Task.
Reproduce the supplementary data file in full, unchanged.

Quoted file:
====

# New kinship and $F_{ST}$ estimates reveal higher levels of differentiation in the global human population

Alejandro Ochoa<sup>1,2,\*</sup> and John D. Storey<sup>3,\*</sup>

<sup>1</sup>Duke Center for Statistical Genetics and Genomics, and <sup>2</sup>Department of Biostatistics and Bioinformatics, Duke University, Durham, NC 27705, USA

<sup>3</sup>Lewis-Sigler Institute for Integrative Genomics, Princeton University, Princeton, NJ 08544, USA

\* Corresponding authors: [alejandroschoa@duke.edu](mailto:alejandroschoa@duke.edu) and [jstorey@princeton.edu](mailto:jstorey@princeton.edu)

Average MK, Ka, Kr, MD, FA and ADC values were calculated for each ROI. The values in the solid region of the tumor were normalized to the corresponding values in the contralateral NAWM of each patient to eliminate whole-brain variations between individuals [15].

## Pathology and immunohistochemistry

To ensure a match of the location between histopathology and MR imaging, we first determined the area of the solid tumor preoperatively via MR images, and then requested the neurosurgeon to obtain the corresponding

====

# New kinship and $F_{ST}$ estimates reveal higher levels of differentiation in the global human population

Alejandro Ochoa<sup>1,2,\*</sup> and John D. Storey<sup>3,\*</sup>

<sup>1</sup>Duke Center for Statistical Genetics and Genomics, and <sup>2</sup>Department of Biostatistics and Bioinformatics, Duke University, Durham, NC 27705, USA

<sup>3</sup>Lewis-Sigler Institute for Integrative Genomics, Princeton University, Princeton, NJ 08544, USA

\* Corresponding authors: [alejandroschoa@duke.edu](mailto:alejandroschoa@duke.edu) and [jstorey@princeton.edu](mailto:jstorey@princeton.edu)

Average MK, Ka, Kr, MD, FA and ADC values were calculated for each ROI. The values in the solid region of the tumor were normalized to the corresponding values in the contralateral NAWM of each patient to eliminate whole-brain variations between individuals [15].

## Pathology and immunohistochemistry

To ensure a match of the location between histopathology and MR imaging, we first determined the area of the solid tumor preoperatively via MR images, and then requested the neurosurgeon to obtain the corresponding